March 11, 2020
Originally Posted March 10, 2020: https://www.ussailing.org/news/newdayforoffshoresailing/ With the inclusion of offshore sailing into the 2024 Olympics, a new spotlight shines onto a previously established area of our sport. Veteran doublehanded offshore sailors can now fight for Gold, and Olympic hopefuls can forge a new pathway to their dream. A vast majority of sailors may also […]
Originally Posted March 10, 2020: https://www.ussailing.org/news/newdayforoffshoresailing/
With the inclusion of offshore sailing into the 2024 Olympics, a new spotlight shines onto a previously established area of our sport. Veteran doublehanded offshore sailors can now fight for Gold, and Olympic hopefuls can forge a new pathway to their dream. A vast majority of sailors may also see a fresh opportunity to get out on the water.
“I think this is going to have a massive impact on our sport,” said Katie Pettibone, who has herself competed in multiple America’s Cups, Around the World Races, and Olympic campaigns. “It opens up opportunities for sailors with Olympic dreams, but can also invigorate local yacht club racing.”
Pettibone campaigned in the mixed gender Nacra 17 class and missed qualifying for Rio 2016 by just one point after coming back from a devastating knee injury sustained while training. Most recently, she partnered with the expert shorthanded offshore sailor, Mike Hennesey, and his Class 40 to take on the Key West Race in January to start the preparation for making her Olympic dream come true. “Doublehanded offshore racing merges the performance level of the Americas Cup with the adventurism of the Around the World Race perfectly. For me, the best part of sailing is learning, so it is intellectually very fun to step into this new endeavor. I know many other sailors will feel the same way.”
Another accomplished offshore sailor stepping into the doublehanded sailing realm is Ken Read. He and Suzy Leech – a seasoned competitor in her own right – also competed in the Key West Race, and both walked away yearning for more. “Doublehanded sailing has been going on in this country for a long time,” said Read. “My goal has always been to look for new ways to get people off the dock and on the water. If we make it fun first, then the best people rise to the top.”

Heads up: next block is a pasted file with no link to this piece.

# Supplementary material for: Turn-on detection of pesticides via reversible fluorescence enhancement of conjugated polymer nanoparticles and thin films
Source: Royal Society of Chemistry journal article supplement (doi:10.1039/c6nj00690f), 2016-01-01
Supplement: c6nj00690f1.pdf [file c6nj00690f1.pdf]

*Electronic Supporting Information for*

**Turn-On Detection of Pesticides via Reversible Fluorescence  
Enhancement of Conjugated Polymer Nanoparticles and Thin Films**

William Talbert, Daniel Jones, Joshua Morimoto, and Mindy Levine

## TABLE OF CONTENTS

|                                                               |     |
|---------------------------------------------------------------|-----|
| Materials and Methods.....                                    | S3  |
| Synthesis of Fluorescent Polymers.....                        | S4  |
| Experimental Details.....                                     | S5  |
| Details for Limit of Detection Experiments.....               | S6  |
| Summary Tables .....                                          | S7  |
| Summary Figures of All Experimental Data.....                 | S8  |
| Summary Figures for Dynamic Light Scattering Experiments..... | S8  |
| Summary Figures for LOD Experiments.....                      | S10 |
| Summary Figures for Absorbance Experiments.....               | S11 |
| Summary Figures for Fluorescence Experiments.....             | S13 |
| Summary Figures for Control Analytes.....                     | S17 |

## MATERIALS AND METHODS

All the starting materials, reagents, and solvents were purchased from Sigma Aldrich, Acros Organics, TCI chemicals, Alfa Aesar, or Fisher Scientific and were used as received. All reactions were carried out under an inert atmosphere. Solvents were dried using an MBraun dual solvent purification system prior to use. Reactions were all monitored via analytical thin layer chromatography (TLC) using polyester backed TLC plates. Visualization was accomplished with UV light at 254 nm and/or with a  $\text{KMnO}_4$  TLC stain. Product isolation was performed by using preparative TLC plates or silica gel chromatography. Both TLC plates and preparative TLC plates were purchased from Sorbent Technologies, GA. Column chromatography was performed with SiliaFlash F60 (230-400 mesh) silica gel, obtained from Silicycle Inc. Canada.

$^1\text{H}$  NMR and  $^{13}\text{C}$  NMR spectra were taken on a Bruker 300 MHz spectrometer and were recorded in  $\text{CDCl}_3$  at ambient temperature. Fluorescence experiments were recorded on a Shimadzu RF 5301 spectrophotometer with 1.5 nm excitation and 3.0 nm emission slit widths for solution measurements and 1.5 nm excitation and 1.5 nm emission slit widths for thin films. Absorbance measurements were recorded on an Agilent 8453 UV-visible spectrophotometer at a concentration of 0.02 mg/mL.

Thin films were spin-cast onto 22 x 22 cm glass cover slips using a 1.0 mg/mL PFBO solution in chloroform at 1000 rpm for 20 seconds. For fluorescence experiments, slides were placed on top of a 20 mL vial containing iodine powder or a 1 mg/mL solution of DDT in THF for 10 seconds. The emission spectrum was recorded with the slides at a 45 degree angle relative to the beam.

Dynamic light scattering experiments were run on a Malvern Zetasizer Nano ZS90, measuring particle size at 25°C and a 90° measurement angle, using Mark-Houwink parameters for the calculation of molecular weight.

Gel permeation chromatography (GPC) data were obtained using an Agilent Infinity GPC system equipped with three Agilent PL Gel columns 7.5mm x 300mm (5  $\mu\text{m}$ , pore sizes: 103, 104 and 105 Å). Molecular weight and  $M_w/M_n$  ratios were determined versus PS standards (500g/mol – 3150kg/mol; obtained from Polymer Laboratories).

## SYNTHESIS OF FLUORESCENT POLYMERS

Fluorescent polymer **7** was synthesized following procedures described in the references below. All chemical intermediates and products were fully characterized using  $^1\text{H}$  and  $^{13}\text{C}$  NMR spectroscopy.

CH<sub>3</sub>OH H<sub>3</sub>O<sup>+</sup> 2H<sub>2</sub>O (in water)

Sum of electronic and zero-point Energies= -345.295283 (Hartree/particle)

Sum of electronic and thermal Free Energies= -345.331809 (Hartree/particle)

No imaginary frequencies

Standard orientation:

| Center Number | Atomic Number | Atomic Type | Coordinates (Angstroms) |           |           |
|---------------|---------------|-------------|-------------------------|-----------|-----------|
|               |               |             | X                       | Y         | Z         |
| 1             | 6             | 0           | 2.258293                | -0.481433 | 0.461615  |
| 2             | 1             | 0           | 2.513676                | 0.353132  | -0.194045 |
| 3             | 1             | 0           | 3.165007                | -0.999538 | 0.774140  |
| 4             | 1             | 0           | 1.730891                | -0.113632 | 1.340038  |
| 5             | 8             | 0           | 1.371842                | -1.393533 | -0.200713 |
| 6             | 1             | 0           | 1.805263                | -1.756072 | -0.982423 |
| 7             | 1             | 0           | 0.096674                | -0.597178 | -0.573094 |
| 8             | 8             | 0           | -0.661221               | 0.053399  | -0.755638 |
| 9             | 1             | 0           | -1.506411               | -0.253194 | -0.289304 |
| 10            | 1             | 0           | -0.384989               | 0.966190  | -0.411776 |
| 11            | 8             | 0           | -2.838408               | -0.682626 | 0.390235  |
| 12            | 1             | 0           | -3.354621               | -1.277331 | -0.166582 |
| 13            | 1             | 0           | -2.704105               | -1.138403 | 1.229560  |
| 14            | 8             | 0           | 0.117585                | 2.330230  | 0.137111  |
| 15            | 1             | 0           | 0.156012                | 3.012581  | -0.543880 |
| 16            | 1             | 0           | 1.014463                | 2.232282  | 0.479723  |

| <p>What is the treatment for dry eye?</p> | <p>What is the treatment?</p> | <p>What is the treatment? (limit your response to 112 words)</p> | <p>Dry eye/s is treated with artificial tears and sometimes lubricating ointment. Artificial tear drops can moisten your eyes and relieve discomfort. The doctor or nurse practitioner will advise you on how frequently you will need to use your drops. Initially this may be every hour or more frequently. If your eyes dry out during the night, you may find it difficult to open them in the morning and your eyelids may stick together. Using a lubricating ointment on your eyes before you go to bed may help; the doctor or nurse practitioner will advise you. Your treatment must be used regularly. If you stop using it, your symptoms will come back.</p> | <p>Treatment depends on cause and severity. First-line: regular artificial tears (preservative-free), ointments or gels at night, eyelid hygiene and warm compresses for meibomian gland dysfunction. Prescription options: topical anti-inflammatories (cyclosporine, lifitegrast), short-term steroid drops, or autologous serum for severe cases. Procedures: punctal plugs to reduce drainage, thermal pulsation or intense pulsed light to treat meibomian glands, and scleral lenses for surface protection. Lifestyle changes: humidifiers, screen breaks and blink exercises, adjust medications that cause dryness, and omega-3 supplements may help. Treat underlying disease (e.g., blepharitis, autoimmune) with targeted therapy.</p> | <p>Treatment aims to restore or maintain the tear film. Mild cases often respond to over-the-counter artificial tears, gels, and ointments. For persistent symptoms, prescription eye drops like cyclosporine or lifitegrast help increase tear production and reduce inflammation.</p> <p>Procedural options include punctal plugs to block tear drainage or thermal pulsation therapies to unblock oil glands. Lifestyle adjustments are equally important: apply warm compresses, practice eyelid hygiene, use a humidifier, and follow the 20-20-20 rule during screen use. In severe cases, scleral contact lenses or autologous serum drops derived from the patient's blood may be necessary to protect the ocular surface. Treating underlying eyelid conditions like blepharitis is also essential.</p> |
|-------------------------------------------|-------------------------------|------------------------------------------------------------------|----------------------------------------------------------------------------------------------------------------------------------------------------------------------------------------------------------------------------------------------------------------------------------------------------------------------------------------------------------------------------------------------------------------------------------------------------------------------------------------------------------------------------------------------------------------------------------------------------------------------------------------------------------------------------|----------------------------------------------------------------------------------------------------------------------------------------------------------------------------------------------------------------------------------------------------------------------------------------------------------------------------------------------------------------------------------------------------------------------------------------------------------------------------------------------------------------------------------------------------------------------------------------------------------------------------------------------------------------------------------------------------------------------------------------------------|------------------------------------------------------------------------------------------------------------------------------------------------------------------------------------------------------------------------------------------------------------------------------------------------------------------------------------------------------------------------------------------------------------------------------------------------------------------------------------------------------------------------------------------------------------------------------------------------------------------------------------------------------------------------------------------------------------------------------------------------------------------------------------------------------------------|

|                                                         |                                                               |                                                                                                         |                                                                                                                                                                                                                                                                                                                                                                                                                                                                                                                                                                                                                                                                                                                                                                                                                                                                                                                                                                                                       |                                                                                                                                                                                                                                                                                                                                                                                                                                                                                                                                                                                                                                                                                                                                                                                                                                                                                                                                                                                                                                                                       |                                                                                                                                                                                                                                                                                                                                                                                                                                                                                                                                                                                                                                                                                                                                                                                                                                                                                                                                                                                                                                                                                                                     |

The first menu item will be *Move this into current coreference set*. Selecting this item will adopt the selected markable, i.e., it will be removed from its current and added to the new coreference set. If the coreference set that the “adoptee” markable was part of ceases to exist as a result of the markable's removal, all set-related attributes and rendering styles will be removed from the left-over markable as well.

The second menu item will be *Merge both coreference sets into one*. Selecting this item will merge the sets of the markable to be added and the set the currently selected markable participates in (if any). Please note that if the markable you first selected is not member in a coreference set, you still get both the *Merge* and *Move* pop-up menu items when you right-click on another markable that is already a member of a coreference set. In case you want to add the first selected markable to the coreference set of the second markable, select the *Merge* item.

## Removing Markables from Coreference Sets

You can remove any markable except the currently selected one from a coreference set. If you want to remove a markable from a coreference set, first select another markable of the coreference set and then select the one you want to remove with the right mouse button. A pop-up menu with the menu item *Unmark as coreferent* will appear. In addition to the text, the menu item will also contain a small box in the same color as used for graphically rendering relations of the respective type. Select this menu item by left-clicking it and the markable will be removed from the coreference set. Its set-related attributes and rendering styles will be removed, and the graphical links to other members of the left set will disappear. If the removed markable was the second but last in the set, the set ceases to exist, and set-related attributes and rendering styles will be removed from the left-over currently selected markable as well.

Leech added, “The sport, and American sailors in general, are going to come out of this on the other side better. Thirty years ago, there were not as many opportunities to get out on the water and compete on a level playing field – especially for women.” She explains that beyond gender, sailors tend to get pigeonholed into positions: “bow person,” “trimmer,” “helmsman,” “navigator,” etc. With the essential need to be a well-rounded sailor with shorthanded offshore sailing, the talent in the country and sport will inevitably rise.
Getting started is going to be the biggest challenge for many, and support from race authorities and sailing organizations will be important, but it does not have to be daunting. Jonathan McKee, Olympic medalist, offshore sailor, and coach says, “No excuses, just go sailing. Get out on the water any way you can and align yourself with other like-minded sailors to make it more fun and efficient.”
McKee explains that building the skillset is the most important thing you can do. Doublehanded, fully crewed, or dinghy racing at the end of the day is all sailing just a “different time scale and geography.”
Many race organizers and organizations are trying to bridge the gap between the dock and the doublehanded racecourse. Chris Woosley helped organize the Key West Race on a very tight timeline for the doublehanded competitors by establishing the ratings for handicapping the boats against each other and the whole fleet. Woosley, a long-time competitor at Key West Race Week said, “They were just so fun to watch. Key West Race is a tough navigation race; it’s more like ten races in one. So even with two very different boats lining up against a whole fleet, it was dynamic. If we had even similar boats, it would make for even more high caliber racing.” Woosley also believes this will invite more budget-conscious sailors to participate as sailing shorthanded also helps reduce costs.
Also trying to get more sailors into the doublehanded, mixed-gendered sailing scene is Peter Becker with the Young American Sailing Association (YASA). “We have two J105s that we are setting up and modifying for doublehanded racing,” says Becker. “We want to provide a chance to not just get on the water but compete at a high level.” YASA is currently reviewing applications from sailors wishing to participate in this year’s Newport Bermuda Race in those J105s.
More doublehanded events or classes are being added to race calendars, including the Mixed Two Person Event at the 2020 Chicago Yacht Club Race to Mackinac starting on July 17 in the J88. The event has strong U.S. selection implications. Apply Now.
There are also plenty of local races around the country where distance doublehanded sailing occurs. All the athletes and the organizers we spoke to say the same thing: just go down to your local club and start networking and talking to people to get rides. There is no better way to train than to put in the time.